Non-steroidal anti-inflammatory drugs are increasingly being used in production animals and can improve cattle welfare. Murray and colleagues6 found 13 per cent of producers reported using pain mitigation after a difficult birth, while Moggy and colleagues5 found 28 per cent of producers used an NSAID in the calf after a difficult birth. More recently, 45 per cent of surveyed western Canadian beef producers (n=97) reported using NSAIDs after a difficult birth in the calf.16 Although more producers are using pain mitigation after a difficult birth, the effects of administering analgesics have not been thoroughly studied. Studies investigating physiological impacts of administering an NSAID to calves at birth have not shown an effect. Pearson and others21 found no significant effect on physiological indicators of pain and inflammation in meloxicam-treated calves in comparison with placebo-treated calves. Similarly, Gladden and others27 found no significant effect of administering ketoprofen to dairy calves within three hours of parturition on cortisol, creatine kinase, plasma L-lactate, or total protein concentration measured 24 hours, 48 hours, or seven days after birth. In contrast, economically relevant factors such as increased growth or feed intake have been demonstrated in NSAID-treated neonatal calves.19 21 28 Specifically, Murray and colleagues19 found that calves treated with meloxicam at birth had greater milk intake compared with calves treated with a placebo, and Pearson and colleagues21 found that assisted calves administered meloxicam at birth had greater ADG within the first week of life compared with placebo-treated calves. Although no significant effect on TPI and calf health was found in the present study, other measurements may be used to investigate pain and inflammation in neonates, such as behavioural indicators.
Behavioural indicators of pain and inflammation are important tools for assessing pain.29 Murray and others19 found calves that received meloxicam at less than six hours of age had greater improvements in vigour from birth to one day of age than those receiving a placebo. Gladden and colleagues20 randomised calves by calving assistance (unassisted or assisted) to receive ketoprofen or placebo treatment within three hours of parturition and found that calves receiving ketoprofen had increased play behaviour and spent less time in lateral recumbency than those receiving a placebo. Although behavioural indicators of pain and inflammation were not measured in this study, these previous studies indicate that administering an NSAID at birth to calves may improve calf welfare.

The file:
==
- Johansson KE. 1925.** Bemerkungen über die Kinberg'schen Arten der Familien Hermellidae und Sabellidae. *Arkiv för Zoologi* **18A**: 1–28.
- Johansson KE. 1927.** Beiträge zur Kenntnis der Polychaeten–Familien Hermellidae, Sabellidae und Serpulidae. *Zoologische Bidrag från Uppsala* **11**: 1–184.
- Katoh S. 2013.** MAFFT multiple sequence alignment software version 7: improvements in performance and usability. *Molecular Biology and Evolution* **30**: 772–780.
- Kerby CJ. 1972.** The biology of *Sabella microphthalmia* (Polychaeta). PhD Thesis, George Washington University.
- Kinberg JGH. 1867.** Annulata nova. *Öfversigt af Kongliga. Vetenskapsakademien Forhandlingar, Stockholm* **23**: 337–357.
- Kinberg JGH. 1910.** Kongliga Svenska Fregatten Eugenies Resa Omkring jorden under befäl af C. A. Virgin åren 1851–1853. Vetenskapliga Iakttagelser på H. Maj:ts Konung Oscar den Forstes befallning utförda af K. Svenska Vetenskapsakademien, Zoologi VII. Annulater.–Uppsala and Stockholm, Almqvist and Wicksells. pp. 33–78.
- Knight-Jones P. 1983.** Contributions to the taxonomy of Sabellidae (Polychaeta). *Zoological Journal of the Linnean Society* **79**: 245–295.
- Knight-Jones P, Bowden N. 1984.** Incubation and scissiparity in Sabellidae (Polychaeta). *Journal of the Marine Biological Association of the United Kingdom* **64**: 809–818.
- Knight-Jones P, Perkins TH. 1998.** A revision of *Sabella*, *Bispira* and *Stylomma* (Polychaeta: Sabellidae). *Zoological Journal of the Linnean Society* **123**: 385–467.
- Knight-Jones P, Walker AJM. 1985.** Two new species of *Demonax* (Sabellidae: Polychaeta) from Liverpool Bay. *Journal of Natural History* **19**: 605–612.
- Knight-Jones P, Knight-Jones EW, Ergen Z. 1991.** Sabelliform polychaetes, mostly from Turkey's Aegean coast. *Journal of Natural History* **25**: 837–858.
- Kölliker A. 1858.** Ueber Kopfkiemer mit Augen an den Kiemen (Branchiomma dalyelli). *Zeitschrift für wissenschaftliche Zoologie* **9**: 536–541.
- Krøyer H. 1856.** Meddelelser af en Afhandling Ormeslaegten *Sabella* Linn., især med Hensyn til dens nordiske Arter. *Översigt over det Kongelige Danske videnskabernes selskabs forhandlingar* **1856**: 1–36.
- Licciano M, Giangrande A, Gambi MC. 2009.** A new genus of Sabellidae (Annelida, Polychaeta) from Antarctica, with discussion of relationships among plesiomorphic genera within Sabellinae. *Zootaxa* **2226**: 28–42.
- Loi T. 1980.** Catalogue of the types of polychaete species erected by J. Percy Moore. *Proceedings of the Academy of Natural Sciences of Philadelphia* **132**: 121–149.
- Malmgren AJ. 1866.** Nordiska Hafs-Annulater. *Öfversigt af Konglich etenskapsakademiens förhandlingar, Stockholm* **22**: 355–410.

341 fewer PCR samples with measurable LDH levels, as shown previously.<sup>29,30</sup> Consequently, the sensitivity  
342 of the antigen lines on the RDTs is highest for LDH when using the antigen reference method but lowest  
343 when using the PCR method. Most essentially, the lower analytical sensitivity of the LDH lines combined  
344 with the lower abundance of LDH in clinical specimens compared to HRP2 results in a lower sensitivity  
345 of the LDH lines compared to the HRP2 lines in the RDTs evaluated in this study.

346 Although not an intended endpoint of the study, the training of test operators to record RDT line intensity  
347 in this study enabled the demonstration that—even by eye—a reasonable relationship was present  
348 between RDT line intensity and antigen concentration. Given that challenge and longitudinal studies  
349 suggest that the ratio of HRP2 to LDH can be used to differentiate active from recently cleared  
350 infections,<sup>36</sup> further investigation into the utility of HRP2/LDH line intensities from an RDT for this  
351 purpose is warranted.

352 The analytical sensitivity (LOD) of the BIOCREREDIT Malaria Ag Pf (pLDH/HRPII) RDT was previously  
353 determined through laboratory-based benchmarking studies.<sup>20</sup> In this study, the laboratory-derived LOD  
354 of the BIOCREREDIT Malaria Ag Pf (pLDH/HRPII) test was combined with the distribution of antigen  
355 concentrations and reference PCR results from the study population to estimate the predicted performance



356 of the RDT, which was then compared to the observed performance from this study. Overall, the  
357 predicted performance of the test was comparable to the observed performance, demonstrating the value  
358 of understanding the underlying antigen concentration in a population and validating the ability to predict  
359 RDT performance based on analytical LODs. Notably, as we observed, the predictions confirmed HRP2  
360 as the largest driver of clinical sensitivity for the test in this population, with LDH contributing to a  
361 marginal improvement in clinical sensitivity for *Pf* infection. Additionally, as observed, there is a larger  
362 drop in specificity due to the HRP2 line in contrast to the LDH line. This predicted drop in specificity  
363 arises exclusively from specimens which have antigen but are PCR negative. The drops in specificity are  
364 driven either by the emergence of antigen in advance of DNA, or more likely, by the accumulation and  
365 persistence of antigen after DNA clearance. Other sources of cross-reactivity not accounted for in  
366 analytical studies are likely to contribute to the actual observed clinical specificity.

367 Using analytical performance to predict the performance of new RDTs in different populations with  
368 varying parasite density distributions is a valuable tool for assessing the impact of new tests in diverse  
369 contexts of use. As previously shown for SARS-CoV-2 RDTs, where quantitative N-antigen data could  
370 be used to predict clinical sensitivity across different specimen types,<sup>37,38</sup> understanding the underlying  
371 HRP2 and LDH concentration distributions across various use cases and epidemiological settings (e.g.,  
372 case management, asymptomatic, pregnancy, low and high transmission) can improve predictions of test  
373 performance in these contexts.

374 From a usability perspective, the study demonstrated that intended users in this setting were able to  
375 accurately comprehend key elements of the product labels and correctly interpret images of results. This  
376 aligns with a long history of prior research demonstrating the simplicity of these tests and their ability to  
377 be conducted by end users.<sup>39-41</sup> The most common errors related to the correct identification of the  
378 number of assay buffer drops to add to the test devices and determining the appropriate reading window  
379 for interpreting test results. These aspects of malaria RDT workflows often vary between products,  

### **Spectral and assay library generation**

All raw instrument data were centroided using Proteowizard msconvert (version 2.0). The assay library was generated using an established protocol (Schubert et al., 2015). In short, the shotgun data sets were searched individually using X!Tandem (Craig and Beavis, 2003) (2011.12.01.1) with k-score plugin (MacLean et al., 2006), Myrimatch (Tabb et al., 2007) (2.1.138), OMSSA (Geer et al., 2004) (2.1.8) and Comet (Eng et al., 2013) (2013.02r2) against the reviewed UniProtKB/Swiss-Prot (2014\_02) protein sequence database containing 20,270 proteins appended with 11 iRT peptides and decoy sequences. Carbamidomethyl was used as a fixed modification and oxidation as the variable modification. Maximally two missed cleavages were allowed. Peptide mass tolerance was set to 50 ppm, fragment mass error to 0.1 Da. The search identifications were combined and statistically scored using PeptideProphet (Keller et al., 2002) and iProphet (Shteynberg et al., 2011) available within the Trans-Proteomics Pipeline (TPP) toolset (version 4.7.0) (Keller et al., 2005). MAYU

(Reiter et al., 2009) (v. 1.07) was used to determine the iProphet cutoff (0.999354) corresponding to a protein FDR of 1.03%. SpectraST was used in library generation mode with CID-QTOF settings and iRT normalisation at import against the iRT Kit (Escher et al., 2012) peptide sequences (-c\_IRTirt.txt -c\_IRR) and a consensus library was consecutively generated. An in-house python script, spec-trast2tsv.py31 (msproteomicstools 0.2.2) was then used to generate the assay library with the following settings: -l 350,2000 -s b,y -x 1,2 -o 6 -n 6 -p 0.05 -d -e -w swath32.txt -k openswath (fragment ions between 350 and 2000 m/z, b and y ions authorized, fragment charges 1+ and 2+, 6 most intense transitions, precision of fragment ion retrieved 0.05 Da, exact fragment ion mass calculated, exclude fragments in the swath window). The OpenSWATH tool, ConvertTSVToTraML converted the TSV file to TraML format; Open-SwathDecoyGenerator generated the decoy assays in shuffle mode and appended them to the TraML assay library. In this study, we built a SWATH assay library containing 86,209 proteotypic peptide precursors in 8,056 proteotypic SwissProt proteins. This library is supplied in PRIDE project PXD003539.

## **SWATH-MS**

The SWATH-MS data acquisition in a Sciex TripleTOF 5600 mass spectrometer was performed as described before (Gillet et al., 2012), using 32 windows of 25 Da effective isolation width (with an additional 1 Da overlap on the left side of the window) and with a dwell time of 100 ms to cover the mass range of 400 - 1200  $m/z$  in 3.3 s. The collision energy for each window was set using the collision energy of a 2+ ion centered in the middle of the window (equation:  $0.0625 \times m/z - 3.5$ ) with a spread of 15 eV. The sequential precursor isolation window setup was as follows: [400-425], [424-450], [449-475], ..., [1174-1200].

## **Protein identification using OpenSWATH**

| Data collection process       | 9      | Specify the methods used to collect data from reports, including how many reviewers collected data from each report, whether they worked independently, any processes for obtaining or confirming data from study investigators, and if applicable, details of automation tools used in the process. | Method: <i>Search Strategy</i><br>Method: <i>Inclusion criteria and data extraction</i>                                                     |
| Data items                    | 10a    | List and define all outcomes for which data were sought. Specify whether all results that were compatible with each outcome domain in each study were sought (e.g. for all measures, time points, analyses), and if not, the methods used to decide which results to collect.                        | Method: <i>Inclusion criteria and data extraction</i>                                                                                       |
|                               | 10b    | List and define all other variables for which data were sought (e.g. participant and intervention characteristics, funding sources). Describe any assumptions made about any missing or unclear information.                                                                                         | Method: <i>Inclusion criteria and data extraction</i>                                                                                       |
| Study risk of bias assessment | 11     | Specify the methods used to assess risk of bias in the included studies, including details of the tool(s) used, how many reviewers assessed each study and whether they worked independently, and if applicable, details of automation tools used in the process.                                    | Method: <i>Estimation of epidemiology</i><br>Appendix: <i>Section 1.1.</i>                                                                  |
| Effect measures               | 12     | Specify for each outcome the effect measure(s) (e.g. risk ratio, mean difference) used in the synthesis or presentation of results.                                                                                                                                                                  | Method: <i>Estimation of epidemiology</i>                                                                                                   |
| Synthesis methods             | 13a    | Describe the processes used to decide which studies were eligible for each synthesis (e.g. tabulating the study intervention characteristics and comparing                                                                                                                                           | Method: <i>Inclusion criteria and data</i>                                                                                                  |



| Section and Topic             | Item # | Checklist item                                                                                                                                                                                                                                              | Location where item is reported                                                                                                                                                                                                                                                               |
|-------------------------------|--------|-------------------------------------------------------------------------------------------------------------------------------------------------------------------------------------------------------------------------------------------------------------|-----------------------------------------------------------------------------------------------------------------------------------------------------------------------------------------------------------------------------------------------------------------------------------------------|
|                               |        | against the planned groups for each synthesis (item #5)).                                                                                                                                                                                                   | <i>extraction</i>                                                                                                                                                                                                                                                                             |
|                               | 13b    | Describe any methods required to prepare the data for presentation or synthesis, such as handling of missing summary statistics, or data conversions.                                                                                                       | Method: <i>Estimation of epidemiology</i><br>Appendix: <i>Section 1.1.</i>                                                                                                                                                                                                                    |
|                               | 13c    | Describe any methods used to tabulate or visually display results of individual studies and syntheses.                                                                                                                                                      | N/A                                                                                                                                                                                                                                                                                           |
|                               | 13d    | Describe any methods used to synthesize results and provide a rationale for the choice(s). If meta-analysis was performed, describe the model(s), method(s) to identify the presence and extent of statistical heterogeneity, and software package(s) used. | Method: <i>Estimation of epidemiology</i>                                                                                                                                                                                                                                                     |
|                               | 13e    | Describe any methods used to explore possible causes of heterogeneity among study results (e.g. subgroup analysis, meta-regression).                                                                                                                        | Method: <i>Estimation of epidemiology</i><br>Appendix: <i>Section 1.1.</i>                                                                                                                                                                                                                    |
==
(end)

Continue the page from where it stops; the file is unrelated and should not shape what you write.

Vigour assessment has been used to predict outcomes of neonatal vitality in many different species30–33 and is associated with acidaemia, trauma, and assistance at calving.7 8 34 35 Poor vigour can have negative outcomes for a calf, such as resulting in taking longer to stand and inadequate intake or timely consumption of colostrum.22 36 37 In this study, vigour was an important predictor of TPI and calf health. Specifically, calves with a weak suckle reflex had lower odds of inadequate TPI than those with a strong suckle reflex. In contrast to the findings of the present study, previous work conducted by the authors’ research group has shown that calves with a weak suckle reflex were less likely to nurse from their dam by four hours after birth22 and had lower concentrations of serum IgG8 compared with those with a strong suckle reflex. Producers involved in the present study were aware of the associations between suckle reflex and colostrum consumption, and it is speculated that this knowledge influenced their colostrum intervention strategies and they may have managed these calves differently.
In this study, calves with an incomplete tongue withdrawal reflex had higher odds of being treated for disease in the preweaning period than those with a complete tongue withdrawal reflex. This may be due to the relationship between acidaemia and inadequate TPI in less vigorous calves.38 39 Specifically, an incomplete tongue withdrawal reflex is associated with neonatal acidaemia and inadequate TPI,7 8 and acidaemia has been associated with increased risk of inadequate TPI.38 Acidaemia and inadequate TPI are associated with higher morbidity in preweaned calves10 12 40 41; therefore, this may explain the relationship found between an incomplete tongue withdrawal and increased risk of treatment for disease.